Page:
Over the last twenty years, proprietary solutions have emerged as the industry leaders in graphic and web designs. The Adobe Creative Suite is dominant among them, and its formats are the de facto standard in many areas. Open source equivalent programs were long considered to be unsuitable for professional work due to a lack of support and important features, but that may finally be changing. Get started or become a pro with the following 10 graphic design tools.
Photoshop vs. The GIMP
Photoshop is still the preferred tool for advanced photo manipulation, but it is losing ground to open source programs in other areas. The GIMP has been known to Linux users for years as a useful, multi-purpose alternative to Photoshop, and it is now spreading among Windows users with basic needs and no budget for a complete raster editing suite.
Paint.NET is a simpler graphics editing program based on the ubiquitous Microsoft Paint. It has emerged as a viable alternative for users with little training or training. Initially released as open source, it has since had portions of its code base closed due to plagiarism.
Illustrator vs. Inkscape
While Photoshop is still the dominant force in raster editing, vector editing is a rather more open playing field. Illustrator is second only to Photoshop in popularity among graphic designers; particularly those that deal with text rather than illustrations, but web designers with the need for a lightweight SVG editor will not find anything better than Inkscape.
The major problem with using Inkscape is that its interface does not follow the same conventions as Illustrator, and moving from one to the other is quite a steep learning curve. That said, it has developed into an excellent, professionally viable, open source alternative to commercial vector editors, and it should be the first choice of any designer who is looking for a well-supported program at no cost.
3DS Max/Maya vs. Blender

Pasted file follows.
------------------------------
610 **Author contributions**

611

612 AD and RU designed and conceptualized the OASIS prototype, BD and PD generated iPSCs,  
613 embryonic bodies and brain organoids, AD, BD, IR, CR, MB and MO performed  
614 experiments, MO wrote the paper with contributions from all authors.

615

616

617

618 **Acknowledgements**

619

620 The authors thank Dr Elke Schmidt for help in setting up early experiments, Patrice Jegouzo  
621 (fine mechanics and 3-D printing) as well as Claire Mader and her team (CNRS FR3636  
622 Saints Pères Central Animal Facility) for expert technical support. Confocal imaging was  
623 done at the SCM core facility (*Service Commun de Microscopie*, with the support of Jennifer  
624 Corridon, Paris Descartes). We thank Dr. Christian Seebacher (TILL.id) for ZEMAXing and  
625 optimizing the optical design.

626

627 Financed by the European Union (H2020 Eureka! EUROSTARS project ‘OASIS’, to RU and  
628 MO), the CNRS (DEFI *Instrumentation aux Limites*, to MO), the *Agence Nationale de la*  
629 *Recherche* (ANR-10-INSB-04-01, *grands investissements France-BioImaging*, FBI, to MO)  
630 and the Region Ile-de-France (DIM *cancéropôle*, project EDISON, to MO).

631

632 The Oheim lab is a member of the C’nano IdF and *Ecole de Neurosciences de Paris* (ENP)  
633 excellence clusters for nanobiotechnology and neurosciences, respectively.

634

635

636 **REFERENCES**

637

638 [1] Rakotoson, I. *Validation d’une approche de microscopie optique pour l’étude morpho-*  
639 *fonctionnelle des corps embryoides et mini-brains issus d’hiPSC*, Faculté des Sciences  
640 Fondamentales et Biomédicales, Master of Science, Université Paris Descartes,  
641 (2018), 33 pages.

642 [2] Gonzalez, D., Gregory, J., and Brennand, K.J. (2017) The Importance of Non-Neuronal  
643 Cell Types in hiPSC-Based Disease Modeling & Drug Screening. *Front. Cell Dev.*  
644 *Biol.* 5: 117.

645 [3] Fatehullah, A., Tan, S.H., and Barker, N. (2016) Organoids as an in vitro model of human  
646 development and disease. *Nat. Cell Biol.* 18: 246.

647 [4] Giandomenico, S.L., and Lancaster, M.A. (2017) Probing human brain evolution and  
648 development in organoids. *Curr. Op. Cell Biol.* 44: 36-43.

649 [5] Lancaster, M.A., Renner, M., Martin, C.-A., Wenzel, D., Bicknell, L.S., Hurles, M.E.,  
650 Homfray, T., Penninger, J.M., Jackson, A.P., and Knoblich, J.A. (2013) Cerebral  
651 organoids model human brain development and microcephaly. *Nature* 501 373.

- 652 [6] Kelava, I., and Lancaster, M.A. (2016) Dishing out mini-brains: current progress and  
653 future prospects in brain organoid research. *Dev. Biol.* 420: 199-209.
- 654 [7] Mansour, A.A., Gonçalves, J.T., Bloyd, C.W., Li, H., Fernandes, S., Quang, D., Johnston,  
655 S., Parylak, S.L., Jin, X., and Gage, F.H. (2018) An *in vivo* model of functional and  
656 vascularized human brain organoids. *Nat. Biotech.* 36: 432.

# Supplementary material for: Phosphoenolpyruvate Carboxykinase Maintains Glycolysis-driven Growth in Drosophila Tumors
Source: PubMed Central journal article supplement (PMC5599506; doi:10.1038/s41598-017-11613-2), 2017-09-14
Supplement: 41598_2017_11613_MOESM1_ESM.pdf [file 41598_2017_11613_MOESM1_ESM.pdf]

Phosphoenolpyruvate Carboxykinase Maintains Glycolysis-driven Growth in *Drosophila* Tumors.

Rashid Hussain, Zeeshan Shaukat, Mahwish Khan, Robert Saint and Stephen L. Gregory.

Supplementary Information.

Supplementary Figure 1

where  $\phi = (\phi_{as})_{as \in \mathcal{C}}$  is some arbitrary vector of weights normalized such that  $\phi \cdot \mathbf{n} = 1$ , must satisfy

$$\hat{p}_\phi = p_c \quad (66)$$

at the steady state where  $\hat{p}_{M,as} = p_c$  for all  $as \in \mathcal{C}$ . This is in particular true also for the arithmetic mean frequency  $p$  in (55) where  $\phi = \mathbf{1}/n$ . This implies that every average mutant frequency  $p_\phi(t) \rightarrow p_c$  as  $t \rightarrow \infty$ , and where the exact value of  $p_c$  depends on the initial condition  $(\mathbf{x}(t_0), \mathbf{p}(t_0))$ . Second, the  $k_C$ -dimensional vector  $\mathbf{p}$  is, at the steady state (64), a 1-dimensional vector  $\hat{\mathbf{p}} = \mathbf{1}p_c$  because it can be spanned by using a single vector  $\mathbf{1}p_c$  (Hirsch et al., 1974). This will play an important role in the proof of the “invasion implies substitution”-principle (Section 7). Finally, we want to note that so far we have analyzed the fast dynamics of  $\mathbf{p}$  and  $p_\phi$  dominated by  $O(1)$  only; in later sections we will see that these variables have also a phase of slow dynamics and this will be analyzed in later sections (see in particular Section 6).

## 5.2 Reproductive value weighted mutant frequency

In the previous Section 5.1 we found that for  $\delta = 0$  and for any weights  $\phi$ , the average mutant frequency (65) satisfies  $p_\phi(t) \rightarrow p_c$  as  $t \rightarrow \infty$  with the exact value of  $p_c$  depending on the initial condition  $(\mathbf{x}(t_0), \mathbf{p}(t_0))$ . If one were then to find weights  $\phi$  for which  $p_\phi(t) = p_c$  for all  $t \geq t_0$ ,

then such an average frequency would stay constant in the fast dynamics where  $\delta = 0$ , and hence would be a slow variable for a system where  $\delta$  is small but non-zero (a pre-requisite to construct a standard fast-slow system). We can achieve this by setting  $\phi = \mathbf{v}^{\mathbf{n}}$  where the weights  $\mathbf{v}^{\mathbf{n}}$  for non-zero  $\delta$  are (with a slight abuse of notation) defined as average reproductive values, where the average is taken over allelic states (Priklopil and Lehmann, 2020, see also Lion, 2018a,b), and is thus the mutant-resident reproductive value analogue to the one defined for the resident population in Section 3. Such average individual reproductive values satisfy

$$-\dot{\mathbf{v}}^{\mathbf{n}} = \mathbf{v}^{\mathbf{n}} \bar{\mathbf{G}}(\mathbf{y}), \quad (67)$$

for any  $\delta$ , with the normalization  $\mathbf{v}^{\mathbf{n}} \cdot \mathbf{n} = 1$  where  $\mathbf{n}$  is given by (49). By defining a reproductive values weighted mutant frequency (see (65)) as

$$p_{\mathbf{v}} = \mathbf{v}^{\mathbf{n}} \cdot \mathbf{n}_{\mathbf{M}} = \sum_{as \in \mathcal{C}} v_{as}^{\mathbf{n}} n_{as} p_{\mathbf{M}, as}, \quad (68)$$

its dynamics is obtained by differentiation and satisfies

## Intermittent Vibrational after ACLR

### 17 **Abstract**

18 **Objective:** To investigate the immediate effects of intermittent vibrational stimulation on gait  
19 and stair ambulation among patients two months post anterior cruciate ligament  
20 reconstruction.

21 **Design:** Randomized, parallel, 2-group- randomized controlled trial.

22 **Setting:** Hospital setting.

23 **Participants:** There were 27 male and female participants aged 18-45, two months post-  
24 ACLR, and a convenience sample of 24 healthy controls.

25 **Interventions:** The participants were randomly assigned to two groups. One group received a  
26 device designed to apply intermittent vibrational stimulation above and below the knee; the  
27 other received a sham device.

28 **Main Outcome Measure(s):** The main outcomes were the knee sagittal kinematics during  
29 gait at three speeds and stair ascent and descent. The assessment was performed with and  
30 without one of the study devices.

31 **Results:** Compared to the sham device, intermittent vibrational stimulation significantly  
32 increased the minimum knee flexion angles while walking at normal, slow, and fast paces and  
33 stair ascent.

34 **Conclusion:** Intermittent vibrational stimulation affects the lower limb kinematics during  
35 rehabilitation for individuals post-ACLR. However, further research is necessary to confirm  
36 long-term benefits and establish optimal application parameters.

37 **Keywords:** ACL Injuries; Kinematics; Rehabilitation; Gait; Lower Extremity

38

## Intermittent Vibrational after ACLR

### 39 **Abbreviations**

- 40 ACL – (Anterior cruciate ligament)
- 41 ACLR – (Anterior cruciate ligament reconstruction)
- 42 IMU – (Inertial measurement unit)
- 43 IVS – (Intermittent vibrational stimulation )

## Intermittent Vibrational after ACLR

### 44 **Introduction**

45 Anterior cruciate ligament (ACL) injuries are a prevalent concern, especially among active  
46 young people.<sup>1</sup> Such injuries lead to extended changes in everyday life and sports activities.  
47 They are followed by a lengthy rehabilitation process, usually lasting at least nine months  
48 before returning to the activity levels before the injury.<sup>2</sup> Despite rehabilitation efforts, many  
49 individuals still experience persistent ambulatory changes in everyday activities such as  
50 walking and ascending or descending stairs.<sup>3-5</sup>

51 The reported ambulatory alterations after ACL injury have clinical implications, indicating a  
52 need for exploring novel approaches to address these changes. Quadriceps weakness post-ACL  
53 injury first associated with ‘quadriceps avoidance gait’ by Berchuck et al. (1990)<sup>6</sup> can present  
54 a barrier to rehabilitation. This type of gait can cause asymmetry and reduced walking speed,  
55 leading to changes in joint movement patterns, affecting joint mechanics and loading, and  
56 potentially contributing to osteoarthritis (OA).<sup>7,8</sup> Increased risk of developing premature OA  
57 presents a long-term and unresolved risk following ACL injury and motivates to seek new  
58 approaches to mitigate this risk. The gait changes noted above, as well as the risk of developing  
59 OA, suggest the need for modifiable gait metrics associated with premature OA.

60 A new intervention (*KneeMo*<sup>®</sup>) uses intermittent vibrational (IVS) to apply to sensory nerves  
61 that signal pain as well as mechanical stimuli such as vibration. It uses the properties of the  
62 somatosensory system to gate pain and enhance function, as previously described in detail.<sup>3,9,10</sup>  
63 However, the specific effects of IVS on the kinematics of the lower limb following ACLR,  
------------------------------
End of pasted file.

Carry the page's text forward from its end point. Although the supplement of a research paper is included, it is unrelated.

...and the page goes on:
A commercial license for Photoshop costs a few hundred dollars, putting it within the budgets of individual designers and small businesses. Not so with 3D modeling software; standard tools such as Maya cost thousands. Free student versions exist, but they cannot be used in the classroom for teaching purposes.
The open source alternative, Blender, has grown in popularity among independent film makers and game designers, simply because it provides most of the same features at no cost and it has a strong community-driven support system. The 2008 release of ‘Big Buck Bunny’, a CG-animated short film produced in Blender, demonstrated that the program could be used to create professional material. To date, the greatest barrier preventing its widespread use is that it has an incredibly steep learning curve in comparison to other modeling programs.
Open source design tools have come a long way since their initial development. Although the very highest levels of professional design will probably always be restricted to expensive proprietary programs, free programs with a strong community base represent the best trade-off in terms of cost versus support for a huge market of small to medium businesses, freelance designers, and professionals whose primary focus is something other than design work. The growing popularity of these programs demonstrates a greater trend towards the use of open source software for business purposes, where it was not previously considered as a real alternative.